Bridgmanv.Safeway Stores, Inc.

Supreme Court of CaliforniaJan 22, 1960
53 Cal. 2d 443 (Cal. 1960)
53 Cal. 2d 443348 P.2d 6962 Cal. Rptr. 146

Docket No. S.F. 20309.

January 22, 1960.

APPEAL from a judgment of the Superior Court of Marin County. Thomas F. Keating, Judge. Affirmed.

George Olshausen for Appellant.

Ackerman, Johnston, Johnston Mathews and Willard S. Johnston for Respondent.



GIBSON, C.J.

Plaintiff has appealed from a judgment for defendant in an action for personal injuries, and she claims that certain instructions given to the jury were erroneous.

On October 30, 1956, at approximately 1 p.m., plaintiff entered defendant's self-service market to purchase a pumpkin. She testified that she selected one from the pumpkin stand, weighed it, and replaced it. While she was still facing the stand she felt a sudden blow on her chest that knocked her down. She did not see the pumpkins fall because she had averted her eyes for an instant, but after she fell she saw pumpkins lying by her on the floor. She testified that the pumpkins rose to eye level, a height which an employee of the defendant testified would be unsafe.

Defendant's produce manager testified that the height of the stand was 29 inches and that the pumpkins on it were stacked in two layers. He said the merchandise was "handled quite a bit" and that a number of inspections and rearrangements were required during the day. There was evidence that several inspections of the produce area of the market were made on the day in question, the last one about 12:15 p.m. Three employees of defendant testified that immediately after the accident plaintiff told them that she had slipped and had reached out to steady herself and that in doing so she knocked several of the pumpkins to the floor. Plaintiff denied having made the statement ascribed to her.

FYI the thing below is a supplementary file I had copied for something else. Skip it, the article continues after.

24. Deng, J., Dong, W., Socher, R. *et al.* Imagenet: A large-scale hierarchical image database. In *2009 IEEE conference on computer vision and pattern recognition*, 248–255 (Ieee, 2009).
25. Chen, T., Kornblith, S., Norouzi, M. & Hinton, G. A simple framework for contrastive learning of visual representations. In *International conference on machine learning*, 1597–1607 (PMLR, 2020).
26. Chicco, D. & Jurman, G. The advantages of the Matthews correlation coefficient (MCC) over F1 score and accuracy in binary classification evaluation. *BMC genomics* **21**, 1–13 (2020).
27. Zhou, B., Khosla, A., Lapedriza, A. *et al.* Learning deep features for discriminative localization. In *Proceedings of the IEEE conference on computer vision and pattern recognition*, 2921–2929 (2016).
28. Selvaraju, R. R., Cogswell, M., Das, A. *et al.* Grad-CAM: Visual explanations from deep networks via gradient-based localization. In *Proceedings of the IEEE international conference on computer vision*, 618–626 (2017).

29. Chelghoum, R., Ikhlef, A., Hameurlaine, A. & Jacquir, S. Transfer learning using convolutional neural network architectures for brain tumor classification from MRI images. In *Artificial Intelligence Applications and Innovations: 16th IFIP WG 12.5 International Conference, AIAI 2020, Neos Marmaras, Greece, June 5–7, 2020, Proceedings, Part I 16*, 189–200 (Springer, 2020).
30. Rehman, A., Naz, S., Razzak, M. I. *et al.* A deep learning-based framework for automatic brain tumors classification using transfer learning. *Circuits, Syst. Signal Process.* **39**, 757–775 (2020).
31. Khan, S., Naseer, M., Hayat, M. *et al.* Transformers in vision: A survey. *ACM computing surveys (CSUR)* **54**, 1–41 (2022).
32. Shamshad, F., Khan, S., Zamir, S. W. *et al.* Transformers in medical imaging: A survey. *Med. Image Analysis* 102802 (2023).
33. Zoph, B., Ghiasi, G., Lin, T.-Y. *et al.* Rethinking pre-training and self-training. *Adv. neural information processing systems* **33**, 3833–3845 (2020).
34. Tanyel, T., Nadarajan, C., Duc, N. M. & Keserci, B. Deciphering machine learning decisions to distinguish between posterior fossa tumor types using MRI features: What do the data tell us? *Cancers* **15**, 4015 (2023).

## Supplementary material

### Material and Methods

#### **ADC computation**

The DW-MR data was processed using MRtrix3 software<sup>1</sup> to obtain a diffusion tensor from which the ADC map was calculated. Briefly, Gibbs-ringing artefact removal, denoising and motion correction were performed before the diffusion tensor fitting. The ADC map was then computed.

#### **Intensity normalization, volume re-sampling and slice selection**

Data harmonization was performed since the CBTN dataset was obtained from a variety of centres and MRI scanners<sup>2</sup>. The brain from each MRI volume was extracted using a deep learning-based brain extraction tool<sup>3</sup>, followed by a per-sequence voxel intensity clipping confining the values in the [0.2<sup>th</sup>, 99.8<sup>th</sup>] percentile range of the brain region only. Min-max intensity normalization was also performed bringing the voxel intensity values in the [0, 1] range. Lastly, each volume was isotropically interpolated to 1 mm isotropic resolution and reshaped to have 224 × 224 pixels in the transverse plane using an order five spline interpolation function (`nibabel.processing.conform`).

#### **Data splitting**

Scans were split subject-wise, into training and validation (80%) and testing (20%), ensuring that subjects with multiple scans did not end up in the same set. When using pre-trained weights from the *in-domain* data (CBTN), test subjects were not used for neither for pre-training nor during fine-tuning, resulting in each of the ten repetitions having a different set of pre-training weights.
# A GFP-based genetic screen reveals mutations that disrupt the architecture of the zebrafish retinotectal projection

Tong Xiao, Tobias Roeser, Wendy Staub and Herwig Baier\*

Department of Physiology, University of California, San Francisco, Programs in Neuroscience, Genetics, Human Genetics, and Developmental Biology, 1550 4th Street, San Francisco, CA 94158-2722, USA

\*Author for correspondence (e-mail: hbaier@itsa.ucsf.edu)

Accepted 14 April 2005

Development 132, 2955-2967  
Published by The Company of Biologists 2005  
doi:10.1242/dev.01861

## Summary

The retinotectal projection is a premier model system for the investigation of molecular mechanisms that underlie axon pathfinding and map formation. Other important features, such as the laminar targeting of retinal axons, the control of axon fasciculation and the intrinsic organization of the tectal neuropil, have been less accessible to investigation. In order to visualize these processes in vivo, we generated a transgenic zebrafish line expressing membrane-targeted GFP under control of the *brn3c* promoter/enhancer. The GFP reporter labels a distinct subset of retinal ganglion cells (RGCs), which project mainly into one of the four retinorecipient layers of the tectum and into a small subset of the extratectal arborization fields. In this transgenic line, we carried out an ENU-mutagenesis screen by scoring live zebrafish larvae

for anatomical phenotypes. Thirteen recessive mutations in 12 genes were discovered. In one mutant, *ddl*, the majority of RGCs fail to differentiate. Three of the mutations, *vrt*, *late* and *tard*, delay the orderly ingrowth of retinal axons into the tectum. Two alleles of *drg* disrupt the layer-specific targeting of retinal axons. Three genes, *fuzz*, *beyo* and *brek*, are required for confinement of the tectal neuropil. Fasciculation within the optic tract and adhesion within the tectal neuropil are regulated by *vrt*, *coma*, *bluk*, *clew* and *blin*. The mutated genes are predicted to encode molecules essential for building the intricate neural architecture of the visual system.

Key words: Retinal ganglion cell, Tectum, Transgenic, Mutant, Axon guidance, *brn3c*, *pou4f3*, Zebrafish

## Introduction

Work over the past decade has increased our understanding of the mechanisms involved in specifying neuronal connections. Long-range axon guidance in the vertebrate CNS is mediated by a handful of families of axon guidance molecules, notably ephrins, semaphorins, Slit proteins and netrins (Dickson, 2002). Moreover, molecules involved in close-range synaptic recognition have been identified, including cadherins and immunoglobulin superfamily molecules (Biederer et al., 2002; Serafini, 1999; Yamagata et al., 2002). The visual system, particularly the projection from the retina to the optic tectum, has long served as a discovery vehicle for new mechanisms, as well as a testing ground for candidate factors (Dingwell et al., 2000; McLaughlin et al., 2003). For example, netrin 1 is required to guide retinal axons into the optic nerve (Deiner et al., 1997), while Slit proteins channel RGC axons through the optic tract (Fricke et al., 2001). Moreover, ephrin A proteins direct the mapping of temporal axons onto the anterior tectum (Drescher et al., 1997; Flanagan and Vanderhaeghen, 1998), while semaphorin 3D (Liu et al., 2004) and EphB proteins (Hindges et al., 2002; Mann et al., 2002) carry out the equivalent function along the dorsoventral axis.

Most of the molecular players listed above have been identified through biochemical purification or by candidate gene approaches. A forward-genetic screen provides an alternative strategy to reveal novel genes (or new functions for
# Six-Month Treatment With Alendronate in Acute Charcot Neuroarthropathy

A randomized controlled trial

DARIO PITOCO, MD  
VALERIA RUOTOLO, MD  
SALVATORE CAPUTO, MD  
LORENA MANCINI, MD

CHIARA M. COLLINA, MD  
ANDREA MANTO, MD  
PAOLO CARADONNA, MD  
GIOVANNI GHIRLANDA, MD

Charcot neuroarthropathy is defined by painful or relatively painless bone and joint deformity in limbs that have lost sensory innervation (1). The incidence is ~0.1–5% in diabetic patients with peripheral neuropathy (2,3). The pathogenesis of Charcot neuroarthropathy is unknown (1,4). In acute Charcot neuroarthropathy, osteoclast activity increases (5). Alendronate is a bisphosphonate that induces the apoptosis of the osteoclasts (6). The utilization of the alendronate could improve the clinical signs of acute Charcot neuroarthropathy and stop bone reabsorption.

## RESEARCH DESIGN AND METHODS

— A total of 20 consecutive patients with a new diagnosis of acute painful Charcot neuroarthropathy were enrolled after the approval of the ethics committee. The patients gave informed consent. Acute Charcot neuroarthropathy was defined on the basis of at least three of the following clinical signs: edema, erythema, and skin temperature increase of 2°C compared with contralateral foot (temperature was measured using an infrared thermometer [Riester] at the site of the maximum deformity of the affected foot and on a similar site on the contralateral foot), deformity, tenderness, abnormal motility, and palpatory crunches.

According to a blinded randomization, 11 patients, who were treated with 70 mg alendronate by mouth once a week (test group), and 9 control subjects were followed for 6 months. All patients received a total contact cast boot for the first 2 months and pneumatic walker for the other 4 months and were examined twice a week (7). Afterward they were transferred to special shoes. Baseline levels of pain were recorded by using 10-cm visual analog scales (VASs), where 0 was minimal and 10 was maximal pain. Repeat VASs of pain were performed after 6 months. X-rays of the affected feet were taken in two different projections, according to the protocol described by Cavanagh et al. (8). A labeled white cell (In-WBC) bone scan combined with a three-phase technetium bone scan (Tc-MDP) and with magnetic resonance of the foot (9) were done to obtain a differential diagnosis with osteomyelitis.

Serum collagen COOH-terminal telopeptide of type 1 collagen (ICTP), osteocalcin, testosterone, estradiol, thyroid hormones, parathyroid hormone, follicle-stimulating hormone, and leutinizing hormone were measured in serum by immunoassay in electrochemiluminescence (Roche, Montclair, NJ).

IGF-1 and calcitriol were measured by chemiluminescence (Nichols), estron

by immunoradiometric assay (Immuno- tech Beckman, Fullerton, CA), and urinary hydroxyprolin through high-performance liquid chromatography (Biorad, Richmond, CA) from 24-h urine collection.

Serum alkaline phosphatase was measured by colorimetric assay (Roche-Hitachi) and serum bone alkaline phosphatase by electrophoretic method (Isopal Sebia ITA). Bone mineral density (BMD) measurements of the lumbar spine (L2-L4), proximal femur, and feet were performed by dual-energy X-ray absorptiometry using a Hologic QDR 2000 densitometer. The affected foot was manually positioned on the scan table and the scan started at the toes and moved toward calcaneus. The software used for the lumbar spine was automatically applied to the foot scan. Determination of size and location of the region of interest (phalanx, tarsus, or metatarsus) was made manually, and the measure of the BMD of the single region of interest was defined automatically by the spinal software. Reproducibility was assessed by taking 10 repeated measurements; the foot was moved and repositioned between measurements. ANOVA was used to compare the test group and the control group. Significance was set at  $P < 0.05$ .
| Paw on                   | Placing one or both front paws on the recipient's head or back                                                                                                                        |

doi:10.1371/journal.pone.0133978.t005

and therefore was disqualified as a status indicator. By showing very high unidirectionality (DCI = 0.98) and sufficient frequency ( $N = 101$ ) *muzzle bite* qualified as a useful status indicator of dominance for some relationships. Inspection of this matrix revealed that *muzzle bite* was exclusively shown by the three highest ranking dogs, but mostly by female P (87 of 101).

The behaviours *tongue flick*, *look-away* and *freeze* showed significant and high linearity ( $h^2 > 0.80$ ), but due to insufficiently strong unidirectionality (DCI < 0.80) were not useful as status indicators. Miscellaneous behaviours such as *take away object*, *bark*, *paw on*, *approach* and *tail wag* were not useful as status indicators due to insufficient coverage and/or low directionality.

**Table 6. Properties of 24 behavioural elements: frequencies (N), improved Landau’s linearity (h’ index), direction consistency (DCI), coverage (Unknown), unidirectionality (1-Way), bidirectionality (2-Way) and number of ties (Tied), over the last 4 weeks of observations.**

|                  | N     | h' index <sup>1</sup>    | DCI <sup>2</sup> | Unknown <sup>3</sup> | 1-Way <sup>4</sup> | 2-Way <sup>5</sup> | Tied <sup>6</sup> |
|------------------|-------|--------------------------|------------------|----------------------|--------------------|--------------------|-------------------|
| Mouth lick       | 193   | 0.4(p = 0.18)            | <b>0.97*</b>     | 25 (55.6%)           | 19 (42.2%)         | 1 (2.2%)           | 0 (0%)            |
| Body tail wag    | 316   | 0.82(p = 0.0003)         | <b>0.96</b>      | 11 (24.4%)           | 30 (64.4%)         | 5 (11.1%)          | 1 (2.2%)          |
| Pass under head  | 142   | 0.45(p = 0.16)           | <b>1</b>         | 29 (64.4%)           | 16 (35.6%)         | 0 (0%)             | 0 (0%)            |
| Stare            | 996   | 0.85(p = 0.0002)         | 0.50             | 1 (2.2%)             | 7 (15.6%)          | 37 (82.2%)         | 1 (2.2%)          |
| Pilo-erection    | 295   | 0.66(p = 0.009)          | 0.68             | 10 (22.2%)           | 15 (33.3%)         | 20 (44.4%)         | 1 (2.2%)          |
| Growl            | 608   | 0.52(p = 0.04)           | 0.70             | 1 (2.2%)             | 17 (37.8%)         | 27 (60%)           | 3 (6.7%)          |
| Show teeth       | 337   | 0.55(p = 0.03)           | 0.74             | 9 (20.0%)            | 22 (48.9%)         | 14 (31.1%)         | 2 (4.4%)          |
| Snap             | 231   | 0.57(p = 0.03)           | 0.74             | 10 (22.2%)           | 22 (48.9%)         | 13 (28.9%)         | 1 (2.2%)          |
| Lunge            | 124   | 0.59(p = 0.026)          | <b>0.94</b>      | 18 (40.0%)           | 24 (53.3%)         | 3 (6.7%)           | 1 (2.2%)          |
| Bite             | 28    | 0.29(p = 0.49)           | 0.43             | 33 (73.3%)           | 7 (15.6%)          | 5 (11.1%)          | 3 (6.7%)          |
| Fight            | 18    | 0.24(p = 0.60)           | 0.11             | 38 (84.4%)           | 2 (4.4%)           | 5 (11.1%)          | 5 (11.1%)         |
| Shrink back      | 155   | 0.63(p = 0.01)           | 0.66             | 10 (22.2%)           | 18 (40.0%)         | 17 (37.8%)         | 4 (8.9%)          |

Before passing upon plaintiff's contentions it will be helpful to consider what duties the owner of a self-service store owes his customers. [1] It is the general rule that the proprietor of a store who knows of, or by the exercise of reasonable care could discover, an artificial condition upon his premises which he should foresee exposes his business visitors to an unreasonable risk, and who has no basis for believing that they will discover the condition or realize the risk involved, is under a duty to exercise ordinary care either to make the condition reasonably safe for their use or to give a warning adequate to enable them to avoid the harm. ( Crane v. Smith, 23 Cal.2d 288, 296 [ 144 P.2d 356] [child in store injured by coffee grinder]; see Rest., Torts, § 343.)

Several decisions have applied this rule to injuries occurring in stores as the result of dangerous conditions which were, or may have been, caused by the negligence of a customer. ( Sapp v. W.T. Grant Co., 172 Cal.App.2d 89, 91 [ 341 P.2d 826]; Hale v. Safeway Stores, Inc., 129 Cal.App.2d 124, 128 et seq. [ 276 P.2d 118]; Louie v. Hagstrom's Food Stores, Inc., 81 Cal.App.2d 601, 606-607 [ 184 P.2d 708]; see Hatfield v. Levy Brothers, 18 Cal.2d 798, 806 [ 117 P.2d 841]; Girvetz v. Boys' Market, Inc., 91 Cal.App.2d 827, 829 [ 206 P.2d 6].) [2] These cases declare that where the dangerous condition is brought about by natural wear and tear or by third persons, the owner, in order to be held liable, must have had either actual or constructive knowledge of the condition or have been able to discover it by the exercise of ordinary care and that the condition must have been one which the owner should have realized as involving an unreasonable risk to invitees. The requirement of actual or constructive knowledge is merely a means of applying the general rule stated above that the proprietor may be liable if he knew or by the exercise of reasonable care could have discovered the dangerous condition, and it does not alter the basic duty to use ordinary care under all the circumstances.